Take a job like software developer. Along with knowing how to code, software developers must also collaborate with others, communicate feedback to clients, conduct individual research and solve difficult problems. All of these fundamental skills can’t be gauged by a test or code review, but with competency-based assessments, it is possible to appraise the developer’s complete package, from technical and strategic to business and soft skills.


The dos of competency-based learning

When it comes to hiring, managers are turning their attention towards tools like Talentbuddy, Gild, and Codility to find suitable candidates in an increasingly competitive market. For occupations such as software developer, where technology moves at such a rapid rate, recruiters can’t rely on an applicant’s experience or technical skills alone. They must know how potential employees can apply their expertise in an agile environment under tight deadlines as well as finding out if they are able to competently communicate with team members.

But what about corporate training? Well, one possible approach is to create rubrics that subject-matter experts and mentors can introduce to learners. Although these tend to be quite complex and expensive in academic circles, they are much easier to implement for corporate training purposes. Rubrics can be less intensive yet closely related to job-performance assessments.

Even so, instructors need to learn rubrics quickly and constantly apply them to changing workplace situations. The result for learners is a practical focus combined with close mentor relationships that allow for the development of a complete skill set, which can be applied to the real world of work.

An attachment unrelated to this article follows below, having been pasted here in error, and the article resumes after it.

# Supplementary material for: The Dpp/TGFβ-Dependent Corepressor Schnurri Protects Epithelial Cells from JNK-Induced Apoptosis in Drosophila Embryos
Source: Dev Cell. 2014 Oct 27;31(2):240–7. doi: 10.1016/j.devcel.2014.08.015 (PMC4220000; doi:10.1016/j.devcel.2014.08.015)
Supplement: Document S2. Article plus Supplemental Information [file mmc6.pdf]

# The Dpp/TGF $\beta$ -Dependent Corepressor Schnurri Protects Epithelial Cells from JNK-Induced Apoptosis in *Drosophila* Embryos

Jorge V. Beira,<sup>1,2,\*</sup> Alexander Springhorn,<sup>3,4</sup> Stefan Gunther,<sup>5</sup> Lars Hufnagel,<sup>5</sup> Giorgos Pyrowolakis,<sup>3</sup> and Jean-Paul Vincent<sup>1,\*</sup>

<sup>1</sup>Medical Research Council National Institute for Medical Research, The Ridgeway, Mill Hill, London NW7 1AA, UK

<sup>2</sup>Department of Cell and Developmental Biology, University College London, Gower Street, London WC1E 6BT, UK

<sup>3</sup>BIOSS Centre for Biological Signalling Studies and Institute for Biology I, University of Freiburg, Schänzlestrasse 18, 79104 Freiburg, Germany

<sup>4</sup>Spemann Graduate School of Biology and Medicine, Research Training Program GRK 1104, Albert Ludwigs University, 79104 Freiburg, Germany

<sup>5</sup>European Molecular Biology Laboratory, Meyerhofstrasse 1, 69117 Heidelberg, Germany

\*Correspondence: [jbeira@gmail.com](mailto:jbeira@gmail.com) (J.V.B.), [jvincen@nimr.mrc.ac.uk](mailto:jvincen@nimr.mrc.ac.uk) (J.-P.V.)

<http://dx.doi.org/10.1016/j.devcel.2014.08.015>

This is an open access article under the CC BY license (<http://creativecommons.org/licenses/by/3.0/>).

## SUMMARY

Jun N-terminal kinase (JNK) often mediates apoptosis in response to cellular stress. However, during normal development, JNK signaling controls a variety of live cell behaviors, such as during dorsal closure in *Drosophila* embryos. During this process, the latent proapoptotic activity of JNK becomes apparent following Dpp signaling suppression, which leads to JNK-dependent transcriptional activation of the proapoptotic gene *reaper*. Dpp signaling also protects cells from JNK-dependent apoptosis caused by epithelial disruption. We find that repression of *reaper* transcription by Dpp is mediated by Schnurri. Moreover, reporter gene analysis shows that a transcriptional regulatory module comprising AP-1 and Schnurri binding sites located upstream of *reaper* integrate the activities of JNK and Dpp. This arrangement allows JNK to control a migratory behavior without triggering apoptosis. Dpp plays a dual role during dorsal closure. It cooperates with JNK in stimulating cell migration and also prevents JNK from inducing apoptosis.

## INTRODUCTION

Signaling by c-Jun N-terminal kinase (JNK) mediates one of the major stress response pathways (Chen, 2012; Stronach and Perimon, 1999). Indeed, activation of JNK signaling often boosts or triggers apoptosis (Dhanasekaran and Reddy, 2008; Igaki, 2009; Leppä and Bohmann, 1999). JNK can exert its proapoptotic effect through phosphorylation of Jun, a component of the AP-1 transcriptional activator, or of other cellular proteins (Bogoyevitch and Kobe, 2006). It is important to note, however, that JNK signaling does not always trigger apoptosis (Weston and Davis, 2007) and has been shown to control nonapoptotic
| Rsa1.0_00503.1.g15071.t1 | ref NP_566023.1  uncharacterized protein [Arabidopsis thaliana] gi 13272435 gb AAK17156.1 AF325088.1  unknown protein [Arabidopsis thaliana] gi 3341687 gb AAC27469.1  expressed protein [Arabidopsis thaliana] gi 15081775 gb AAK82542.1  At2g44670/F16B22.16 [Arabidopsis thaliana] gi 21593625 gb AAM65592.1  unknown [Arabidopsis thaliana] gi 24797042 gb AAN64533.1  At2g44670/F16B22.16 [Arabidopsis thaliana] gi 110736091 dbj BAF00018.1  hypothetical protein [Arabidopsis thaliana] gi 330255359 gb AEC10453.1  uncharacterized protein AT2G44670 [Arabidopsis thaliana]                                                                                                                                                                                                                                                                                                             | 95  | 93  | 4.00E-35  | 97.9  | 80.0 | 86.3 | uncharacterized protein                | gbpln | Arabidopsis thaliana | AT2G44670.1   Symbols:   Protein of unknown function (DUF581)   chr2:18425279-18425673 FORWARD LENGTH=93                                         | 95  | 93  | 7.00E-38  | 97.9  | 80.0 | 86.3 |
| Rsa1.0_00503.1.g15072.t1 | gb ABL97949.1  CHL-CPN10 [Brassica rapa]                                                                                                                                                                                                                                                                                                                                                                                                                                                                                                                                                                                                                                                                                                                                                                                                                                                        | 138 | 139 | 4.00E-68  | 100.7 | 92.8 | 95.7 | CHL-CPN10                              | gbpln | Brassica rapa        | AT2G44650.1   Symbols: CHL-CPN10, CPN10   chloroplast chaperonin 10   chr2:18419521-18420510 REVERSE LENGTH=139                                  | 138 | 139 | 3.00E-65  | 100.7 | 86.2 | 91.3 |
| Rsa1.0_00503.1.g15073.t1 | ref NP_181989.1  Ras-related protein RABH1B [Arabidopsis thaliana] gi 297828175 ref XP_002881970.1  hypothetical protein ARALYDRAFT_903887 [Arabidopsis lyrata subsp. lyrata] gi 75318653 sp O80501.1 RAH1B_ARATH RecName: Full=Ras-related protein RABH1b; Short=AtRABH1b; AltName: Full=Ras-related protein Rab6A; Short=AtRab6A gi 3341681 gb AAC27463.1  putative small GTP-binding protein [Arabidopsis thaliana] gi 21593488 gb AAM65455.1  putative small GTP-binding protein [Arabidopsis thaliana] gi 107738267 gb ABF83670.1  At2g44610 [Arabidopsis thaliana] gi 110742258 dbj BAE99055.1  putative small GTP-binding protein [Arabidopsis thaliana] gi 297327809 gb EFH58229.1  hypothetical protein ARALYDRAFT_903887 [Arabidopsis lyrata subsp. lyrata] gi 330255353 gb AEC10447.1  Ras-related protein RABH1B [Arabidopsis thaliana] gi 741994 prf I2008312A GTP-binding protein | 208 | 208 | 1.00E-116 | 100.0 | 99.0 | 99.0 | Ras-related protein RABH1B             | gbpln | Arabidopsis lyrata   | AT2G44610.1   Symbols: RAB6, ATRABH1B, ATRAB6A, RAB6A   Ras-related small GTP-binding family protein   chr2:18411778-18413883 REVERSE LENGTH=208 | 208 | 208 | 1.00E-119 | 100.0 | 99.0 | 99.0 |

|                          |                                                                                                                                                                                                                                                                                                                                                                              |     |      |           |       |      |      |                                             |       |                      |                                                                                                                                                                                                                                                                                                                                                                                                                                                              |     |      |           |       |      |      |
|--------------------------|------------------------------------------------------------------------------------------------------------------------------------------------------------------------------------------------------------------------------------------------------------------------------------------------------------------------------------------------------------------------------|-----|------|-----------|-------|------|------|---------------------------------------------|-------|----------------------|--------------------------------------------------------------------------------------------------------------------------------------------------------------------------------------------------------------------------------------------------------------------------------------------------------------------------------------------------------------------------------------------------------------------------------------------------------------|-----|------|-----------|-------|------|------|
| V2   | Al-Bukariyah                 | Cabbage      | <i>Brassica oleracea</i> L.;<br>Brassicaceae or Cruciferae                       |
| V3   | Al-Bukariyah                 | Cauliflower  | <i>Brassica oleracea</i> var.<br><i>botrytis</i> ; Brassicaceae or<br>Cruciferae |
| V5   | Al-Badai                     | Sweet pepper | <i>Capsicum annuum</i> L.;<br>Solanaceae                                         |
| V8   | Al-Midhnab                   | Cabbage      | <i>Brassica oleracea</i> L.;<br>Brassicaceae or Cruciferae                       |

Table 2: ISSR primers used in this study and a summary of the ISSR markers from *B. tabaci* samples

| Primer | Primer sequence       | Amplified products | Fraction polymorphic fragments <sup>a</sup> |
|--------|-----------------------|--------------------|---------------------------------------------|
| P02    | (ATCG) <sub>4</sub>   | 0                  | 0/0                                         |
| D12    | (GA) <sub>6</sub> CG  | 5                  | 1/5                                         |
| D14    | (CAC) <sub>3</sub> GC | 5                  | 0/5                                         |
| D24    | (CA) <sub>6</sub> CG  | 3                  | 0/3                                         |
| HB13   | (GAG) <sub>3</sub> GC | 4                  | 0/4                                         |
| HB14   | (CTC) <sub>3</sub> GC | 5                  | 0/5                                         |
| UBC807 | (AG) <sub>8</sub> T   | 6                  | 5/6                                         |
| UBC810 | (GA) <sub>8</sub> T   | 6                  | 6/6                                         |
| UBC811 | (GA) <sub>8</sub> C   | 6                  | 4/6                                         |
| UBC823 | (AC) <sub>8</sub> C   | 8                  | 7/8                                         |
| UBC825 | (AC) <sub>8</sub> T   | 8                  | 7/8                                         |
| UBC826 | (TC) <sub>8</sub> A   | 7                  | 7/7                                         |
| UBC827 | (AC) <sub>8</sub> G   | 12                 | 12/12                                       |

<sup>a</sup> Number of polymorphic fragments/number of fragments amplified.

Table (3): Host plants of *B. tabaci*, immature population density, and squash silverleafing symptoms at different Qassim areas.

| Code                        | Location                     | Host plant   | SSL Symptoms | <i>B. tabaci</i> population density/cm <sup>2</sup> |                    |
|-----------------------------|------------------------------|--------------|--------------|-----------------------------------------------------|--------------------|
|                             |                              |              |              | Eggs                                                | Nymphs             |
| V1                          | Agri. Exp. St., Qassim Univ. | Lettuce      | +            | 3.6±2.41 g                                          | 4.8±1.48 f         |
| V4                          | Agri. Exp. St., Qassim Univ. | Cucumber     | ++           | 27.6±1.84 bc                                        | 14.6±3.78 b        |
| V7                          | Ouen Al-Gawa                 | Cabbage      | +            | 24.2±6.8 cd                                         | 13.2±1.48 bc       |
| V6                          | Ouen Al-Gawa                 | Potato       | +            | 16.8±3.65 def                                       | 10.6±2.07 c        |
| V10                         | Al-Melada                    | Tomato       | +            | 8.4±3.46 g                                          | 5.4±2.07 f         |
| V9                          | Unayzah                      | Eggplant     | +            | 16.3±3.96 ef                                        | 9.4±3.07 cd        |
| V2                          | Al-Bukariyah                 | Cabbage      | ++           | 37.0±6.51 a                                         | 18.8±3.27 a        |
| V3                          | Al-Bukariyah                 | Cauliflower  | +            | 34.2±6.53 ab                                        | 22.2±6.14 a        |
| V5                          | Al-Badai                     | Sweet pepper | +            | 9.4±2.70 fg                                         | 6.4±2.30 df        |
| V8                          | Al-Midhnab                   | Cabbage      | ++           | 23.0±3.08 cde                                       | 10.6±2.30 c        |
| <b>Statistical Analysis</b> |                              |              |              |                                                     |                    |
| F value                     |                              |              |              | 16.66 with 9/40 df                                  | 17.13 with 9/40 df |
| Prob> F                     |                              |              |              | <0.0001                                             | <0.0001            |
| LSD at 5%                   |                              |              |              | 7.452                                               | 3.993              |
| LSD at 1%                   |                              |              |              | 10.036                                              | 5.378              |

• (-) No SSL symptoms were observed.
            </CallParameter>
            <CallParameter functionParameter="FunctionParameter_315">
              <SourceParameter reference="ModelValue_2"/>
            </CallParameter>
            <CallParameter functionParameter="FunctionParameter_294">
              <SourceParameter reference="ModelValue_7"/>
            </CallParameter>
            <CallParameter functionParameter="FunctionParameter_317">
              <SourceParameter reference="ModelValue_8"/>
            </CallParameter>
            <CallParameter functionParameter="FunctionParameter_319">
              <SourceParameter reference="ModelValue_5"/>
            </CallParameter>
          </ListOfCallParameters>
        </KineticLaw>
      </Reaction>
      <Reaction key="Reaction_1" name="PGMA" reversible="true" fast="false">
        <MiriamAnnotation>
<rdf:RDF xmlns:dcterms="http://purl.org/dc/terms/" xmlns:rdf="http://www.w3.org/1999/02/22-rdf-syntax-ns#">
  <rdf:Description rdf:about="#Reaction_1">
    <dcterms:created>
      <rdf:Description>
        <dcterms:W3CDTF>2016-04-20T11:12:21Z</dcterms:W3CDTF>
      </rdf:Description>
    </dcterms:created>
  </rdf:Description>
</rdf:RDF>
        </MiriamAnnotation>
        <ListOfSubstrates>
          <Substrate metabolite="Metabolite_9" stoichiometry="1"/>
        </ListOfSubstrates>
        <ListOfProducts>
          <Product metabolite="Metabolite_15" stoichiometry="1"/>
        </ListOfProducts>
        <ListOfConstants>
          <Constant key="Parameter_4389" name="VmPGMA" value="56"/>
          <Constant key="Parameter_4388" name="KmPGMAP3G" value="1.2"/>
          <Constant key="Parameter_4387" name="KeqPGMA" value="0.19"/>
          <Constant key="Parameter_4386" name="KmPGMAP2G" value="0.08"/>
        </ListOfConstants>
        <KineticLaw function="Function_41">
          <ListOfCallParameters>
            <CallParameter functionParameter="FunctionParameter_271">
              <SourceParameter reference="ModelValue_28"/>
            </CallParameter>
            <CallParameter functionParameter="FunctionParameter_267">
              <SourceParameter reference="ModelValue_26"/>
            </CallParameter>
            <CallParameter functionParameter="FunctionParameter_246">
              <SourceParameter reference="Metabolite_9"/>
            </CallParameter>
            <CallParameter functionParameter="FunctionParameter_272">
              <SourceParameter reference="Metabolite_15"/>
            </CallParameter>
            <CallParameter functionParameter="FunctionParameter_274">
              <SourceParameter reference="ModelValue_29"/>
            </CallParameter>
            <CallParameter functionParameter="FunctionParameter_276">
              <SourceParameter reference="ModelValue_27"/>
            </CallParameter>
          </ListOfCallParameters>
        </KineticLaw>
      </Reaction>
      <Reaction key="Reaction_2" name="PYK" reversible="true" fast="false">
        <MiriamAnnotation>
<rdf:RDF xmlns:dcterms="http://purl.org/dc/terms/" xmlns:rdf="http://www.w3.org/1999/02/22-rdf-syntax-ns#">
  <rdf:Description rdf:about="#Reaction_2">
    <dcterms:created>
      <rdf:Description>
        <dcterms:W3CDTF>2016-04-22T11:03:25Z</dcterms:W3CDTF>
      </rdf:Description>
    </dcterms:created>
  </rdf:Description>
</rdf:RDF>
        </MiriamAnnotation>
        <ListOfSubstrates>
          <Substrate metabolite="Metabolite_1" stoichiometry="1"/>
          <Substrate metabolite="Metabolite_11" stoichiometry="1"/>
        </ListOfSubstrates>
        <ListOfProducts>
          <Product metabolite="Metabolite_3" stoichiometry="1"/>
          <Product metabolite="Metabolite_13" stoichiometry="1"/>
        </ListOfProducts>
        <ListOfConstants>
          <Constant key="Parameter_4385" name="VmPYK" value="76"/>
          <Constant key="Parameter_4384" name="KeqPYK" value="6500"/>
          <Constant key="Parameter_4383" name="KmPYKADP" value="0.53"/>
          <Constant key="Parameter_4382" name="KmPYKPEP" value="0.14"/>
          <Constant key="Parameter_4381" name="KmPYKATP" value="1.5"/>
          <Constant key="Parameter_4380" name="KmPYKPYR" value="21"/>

The don’ts of competency-based learning

Seeing as competency-based learning tends to be a lot more labour-intensive than traditional assessments, it needs time, effort, and resources to be introduced successfully. On top of that, it often needs working professionals to review the learner’s answers and evaluate them contextually. Therefore, don’t be fooled into thinking that competency-based learning can simply replace standard tests and examinations.

Also, avoid the temptation of giving learners a pass/fail type grade. Competency-based learning attempts to ensure that leaners are mastering a topic in ways that deliver added value to the business. Rubrics should be used to streamline this process, while also making it repeatable and scalable. So again, don’t think of these as rudimentary answer sheets.

At the end of the day, competency-based learning and assessments help to bridge the gap between talent acquisition and talent development. All around the world, CLOs are coming under more and more pressure to deliver evidence that training is working and that employees are fulfilling their potential. While teaching techniques such as e-learning, microlearning, and Spaced Repetition are on hand to improve engagement and satisfaction levels, competency-based assessments make sure they have the desired effect.